Frank Sinatra plays Joe E. Lewis, a famous comedian of the 1930s-50s. When the movie opens, Lewis is a young, talented singer who performs in speakeasies. When he bolts one job for another,... See full summary »
John Cassellis is the toughest TV-news reporter around. His area of interest is reporting about violence in the ghetto and racial tensions. But he discovers that his network helps the FBI by letting it look at his tapes to find suspects. When he protests, he is fired and goes to the 1968 Democratic National Convention in Chicago, Illinois.Written by
In the psychedelic nightclub sequence, the band seen performing on the stage is The Litter, a Minneapolis-based group. However, everything that is heard, starting when "America is Wonderful" is flashed on screen, is by Frank Zappa and The Mothers of Invention. Three tracks edited together are heard: excerpts of "The Return of the Son of Monster Magnet" and "Are You Hung Up?" followed by most of "Who Needs The Peace Corps?" See more »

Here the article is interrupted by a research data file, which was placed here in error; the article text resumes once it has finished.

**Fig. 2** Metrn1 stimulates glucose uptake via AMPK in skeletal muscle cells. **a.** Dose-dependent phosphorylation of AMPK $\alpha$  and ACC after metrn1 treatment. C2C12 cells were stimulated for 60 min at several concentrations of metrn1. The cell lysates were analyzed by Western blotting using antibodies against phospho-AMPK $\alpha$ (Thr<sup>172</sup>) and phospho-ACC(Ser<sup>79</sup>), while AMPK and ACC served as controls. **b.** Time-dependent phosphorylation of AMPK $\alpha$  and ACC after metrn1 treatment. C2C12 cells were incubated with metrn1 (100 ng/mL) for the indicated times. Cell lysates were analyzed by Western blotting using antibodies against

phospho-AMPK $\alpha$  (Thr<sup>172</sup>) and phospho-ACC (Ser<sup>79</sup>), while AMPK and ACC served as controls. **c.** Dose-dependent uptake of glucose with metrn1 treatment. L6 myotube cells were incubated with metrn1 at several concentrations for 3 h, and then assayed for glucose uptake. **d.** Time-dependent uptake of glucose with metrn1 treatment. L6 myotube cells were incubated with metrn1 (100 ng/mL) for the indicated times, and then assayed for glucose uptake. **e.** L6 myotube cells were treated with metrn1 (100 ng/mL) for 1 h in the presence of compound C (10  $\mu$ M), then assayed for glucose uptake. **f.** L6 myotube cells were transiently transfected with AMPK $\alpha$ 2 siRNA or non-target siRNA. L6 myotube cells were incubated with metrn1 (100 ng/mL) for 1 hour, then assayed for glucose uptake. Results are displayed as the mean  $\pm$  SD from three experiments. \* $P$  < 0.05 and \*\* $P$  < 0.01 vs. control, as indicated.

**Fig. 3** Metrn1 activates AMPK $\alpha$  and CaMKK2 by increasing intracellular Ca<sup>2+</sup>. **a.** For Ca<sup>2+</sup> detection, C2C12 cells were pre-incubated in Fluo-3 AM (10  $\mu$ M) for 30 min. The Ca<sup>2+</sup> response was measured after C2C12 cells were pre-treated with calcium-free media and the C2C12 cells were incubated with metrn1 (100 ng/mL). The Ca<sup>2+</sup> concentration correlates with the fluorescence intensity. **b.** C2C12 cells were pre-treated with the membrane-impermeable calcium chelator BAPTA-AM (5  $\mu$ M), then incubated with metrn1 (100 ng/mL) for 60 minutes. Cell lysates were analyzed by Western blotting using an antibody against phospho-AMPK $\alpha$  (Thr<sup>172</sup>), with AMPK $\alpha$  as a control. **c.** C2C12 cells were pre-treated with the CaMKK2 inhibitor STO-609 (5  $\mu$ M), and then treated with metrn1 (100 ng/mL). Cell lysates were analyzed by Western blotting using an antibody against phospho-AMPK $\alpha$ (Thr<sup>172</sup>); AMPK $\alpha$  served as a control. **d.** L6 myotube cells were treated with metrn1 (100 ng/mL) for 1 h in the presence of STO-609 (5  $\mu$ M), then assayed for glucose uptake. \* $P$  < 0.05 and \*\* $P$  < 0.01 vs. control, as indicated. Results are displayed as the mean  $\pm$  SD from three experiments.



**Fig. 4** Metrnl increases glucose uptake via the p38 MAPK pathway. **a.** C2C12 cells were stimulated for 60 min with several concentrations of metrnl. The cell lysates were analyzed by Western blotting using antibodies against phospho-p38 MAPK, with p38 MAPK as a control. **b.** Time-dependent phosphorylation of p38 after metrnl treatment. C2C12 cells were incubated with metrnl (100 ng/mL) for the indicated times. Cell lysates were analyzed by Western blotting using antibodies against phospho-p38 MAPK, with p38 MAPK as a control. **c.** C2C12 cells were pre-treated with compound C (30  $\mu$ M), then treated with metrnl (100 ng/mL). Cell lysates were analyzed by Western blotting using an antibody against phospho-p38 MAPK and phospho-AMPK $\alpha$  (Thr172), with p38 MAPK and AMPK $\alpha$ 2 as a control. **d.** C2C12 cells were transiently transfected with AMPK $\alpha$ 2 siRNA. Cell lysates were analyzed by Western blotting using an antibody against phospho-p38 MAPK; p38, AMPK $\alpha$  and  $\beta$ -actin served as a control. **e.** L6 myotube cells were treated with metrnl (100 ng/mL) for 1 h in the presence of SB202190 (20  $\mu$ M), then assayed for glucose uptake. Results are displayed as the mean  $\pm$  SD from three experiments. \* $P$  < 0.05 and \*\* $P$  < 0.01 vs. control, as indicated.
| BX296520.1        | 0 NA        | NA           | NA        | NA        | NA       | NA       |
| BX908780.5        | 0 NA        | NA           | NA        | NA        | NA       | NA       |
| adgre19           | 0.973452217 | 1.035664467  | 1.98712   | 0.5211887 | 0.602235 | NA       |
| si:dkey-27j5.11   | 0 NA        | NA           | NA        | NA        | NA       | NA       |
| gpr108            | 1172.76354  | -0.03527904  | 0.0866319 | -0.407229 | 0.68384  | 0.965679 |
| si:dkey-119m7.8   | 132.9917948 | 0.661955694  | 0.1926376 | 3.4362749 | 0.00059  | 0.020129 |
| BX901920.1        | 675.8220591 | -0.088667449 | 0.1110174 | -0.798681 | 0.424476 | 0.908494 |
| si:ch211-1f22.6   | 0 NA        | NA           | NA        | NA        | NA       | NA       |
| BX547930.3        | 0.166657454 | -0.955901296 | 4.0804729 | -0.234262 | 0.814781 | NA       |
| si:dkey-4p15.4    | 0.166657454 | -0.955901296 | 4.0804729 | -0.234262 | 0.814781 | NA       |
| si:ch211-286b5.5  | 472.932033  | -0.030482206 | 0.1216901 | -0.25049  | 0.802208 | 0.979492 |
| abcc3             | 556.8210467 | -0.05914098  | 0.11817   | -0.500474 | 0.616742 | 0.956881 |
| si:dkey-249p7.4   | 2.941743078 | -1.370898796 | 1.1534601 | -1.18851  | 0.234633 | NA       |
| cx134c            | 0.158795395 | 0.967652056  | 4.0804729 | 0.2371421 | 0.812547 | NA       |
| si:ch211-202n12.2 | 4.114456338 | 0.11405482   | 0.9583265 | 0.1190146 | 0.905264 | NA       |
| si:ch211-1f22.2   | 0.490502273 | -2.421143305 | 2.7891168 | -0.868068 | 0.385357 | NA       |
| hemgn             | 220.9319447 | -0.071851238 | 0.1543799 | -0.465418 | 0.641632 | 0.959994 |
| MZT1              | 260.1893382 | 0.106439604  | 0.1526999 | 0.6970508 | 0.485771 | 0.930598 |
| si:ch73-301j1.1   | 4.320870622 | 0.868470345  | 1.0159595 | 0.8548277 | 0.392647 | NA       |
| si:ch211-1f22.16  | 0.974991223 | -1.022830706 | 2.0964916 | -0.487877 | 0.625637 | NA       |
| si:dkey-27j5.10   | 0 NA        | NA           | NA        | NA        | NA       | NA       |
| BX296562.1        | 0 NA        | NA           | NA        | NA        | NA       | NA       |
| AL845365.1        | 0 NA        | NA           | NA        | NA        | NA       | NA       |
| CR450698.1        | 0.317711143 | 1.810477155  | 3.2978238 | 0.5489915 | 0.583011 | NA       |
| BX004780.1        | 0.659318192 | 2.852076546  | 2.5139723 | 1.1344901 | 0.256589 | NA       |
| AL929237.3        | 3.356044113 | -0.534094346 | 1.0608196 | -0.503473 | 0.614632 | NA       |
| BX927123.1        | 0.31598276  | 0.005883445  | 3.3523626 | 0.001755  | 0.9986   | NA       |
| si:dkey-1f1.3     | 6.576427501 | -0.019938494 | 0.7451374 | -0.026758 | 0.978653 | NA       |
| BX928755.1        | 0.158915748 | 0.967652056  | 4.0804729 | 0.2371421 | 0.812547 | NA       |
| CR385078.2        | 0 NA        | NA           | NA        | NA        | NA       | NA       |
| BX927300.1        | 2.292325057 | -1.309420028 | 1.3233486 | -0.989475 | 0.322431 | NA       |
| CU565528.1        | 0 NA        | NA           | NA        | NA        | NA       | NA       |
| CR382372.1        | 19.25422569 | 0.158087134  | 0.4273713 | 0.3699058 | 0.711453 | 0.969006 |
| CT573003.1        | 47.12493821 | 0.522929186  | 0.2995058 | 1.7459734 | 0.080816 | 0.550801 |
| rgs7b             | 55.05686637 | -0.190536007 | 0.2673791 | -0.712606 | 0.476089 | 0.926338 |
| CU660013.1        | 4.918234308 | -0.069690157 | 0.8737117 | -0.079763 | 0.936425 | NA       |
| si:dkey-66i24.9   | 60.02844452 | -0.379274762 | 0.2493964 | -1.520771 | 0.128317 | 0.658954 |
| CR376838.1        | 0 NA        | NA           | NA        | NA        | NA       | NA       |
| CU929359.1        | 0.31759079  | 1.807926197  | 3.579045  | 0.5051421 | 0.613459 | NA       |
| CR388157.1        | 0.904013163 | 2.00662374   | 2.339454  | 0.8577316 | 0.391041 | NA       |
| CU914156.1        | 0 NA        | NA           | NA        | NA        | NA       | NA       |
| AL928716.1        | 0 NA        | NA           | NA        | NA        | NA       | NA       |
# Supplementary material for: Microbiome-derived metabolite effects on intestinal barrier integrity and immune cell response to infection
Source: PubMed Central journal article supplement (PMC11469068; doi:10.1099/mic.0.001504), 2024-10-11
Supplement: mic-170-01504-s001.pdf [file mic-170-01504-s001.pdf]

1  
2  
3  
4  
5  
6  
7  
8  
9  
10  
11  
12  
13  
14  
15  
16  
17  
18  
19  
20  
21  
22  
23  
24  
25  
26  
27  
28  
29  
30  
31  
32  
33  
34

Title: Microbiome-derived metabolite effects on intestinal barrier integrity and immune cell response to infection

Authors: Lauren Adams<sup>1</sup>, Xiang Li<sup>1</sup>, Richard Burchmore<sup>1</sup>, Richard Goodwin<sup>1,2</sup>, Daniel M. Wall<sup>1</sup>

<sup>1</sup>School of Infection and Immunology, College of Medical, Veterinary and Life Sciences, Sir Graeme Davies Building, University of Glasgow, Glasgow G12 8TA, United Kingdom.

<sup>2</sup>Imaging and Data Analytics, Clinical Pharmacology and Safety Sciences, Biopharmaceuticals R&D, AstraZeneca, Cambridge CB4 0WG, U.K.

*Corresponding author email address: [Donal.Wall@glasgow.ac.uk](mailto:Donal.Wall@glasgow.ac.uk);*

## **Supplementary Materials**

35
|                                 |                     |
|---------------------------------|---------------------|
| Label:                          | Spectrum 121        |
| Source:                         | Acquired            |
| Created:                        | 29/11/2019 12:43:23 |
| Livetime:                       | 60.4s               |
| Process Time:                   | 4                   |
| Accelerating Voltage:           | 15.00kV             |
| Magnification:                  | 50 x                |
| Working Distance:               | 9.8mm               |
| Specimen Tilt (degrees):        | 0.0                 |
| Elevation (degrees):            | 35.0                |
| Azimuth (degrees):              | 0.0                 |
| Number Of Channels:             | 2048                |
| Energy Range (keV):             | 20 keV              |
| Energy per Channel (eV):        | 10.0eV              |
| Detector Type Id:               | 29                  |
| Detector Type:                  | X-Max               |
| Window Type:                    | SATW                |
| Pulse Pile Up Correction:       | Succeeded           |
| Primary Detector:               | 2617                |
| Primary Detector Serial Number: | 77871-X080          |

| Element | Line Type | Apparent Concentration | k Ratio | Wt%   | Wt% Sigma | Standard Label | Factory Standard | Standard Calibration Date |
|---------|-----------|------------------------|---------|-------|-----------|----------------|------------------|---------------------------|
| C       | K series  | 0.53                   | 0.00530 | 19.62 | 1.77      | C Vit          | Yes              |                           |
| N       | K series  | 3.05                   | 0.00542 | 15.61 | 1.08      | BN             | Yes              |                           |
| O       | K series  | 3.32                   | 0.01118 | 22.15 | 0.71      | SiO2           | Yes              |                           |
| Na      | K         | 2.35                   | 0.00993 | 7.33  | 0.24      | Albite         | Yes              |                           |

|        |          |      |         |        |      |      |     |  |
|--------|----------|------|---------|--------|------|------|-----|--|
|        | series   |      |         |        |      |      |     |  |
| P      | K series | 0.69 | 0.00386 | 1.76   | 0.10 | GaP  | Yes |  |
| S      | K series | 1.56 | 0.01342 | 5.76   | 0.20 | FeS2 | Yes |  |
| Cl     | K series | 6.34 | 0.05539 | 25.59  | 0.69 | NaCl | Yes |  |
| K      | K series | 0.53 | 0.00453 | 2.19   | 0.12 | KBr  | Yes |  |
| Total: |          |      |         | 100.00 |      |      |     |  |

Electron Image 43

When Eileen enters the L looks for Harold, she is wearing a white hair band, but when they show her sitting on the L, the hair band is missing. See more »
This is not a film for those who like comfortable Hollywood polish, production values, and formulas. It was shot in a documentary-style, and thus has an immediacy and intensity at a level that can only be found in a handful. It is completely unique in its blending of fact and fiction. The kitchen scene is brilliantly staged and carried off, and the ending is definitely chilling, although more than a little abrupt. (Did they run out of film?) But the truly exciting moment in this film comes when you are watching the demonstrations outside the Chicago convention, and it suddenly sinks in: This is real. It isn't staged for your benefit. The city really was an armed camp, and the police did beat up civilians. The film has a lot of pointless scenes, and the outer story is rather mundane, but the scenes at the convention are an unprecedented achievement - simply brilliant. This film is a must-see for any student of film or history.
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